Published: June 15, 2015

EVEN Professors Shelly Miller, Jana Milford and Michael Hannigan participated in the following long term study:

The short-term association of selected components of fine particulate matter and mortality in the Denver Aerosol Sources and Health (DASH) study

Sun-Young Kim, Steven J. Dutton, Lianne Sheppard, Michael P. Hannigan, Shelly L. Miller, Jana B. Milford, Jennifer L. Peel and Sverre Vedal


Associations of short-term exposure to fine particulate matter (PM2.5) with daily mortality may be due to specific PM2.5 chemical components. Daily concentrations of PM2.5 components were measured over five years in Denver to investigate whether specific PM2.5 components are associated with daily mortality.

Daily counts of total and cause-specific deaths were obtained for the 5-county Denver metropolitan region from 2003 through 2007. Daily 24-hour concentrations of PM2.5, elemental carbon (EC), organic carbon (OC), sulfate and nitrate were measured at a central residential monitoring site. Using generalized additive models, we estimated relative risks (RRs) of daily death counts for daily PM2.5 and four PM2.5 component concentrations at single and distributed lags between the current and three previous days, while controlling for longer-term time trend and meteorology.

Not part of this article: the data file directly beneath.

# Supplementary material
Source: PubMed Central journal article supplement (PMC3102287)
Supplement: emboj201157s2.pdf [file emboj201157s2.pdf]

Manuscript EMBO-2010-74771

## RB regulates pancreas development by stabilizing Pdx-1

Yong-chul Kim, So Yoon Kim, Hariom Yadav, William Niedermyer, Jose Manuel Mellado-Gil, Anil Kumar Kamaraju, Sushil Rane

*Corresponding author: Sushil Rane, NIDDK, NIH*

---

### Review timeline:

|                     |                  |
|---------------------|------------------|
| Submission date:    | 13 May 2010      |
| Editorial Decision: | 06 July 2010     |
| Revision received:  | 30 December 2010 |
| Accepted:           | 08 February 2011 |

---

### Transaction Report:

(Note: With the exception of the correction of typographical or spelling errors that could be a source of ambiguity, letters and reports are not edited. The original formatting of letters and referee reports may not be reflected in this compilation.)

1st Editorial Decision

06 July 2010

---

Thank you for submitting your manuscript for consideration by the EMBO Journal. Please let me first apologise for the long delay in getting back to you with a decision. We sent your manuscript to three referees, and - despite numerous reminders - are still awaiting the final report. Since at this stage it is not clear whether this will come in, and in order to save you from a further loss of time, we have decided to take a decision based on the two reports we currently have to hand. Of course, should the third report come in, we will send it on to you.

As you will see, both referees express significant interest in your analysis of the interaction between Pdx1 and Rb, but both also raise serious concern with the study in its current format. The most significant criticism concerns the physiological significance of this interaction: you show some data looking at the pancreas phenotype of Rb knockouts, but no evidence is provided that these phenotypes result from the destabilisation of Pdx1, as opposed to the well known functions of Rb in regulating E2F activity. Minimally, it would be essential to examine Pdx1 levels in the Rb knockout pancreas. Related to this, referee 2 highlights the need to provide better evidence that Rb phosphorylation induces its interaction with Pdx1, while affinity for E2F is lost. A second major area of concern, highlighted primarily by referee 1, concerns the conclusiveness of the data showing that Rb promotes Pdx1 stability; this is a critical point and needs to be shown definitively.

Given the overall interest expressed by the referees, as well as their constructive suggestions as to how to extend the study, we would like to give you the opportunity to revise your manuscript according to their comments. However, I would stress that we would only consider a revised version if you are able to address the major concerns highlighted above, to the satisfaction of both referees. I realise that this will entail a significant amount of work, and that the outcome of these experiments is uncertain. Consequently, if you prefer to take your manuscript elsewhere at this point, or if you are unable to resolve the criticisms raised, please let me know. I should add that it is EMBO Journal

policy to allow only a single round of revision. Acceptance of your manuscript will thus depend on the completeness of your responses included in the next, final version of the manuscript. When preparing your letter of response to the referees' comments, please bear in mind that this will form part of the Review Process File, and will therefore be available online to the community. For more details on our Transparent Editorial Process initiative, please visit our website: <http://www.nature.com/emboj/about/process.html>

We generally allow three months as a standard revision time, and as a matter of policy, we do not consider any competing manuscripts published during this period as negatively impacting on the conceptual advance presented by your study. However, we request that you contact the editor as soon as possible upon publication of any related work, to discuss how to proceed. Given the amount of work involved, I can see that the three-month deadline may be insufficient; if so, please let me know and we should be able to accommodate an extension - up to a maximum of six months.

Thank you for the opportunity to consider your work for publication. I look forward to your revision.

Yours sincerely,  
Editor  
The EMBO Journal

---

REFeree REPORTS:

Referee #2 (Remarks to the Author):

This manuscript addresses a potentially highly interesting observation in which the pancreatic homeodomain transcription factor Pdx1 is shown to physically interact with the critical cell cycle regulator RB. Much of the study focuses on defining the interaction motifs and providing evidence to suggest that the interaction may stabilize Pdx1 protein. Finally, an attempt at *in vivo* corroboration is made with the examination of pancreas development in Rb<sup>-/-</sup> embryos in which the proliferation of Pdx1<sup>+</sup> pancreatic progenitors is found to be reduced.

RR of total non-accidental mortality for an inter-quartile increase of 4.55 μg/m3 in PM2.5 distributed over 4 days was 1.012 (95 % confidence interval: 0.999, 1.025); RRs for EC and OC were larger (1.024 [1.005, 1.043] and 1.020 [1.000, 1.040] for 0.33 and 1.67 μg/m3 increases, respectively) than those for sulfate and nitrate. We generally did not observe associations with cardiovascular and respiratory mortality except for associations with ischemic heart disease mortality at lags 3 and 0–3 depending on the component. In addition, there were associations with cancer mortality, particularly for
EC and OC, possibly reflecting advanced deaths of a frail population.

PM2.5 components possibly from combustion-related sources are more strongly associated with daily mortality than are secondary inorganic aerosols.

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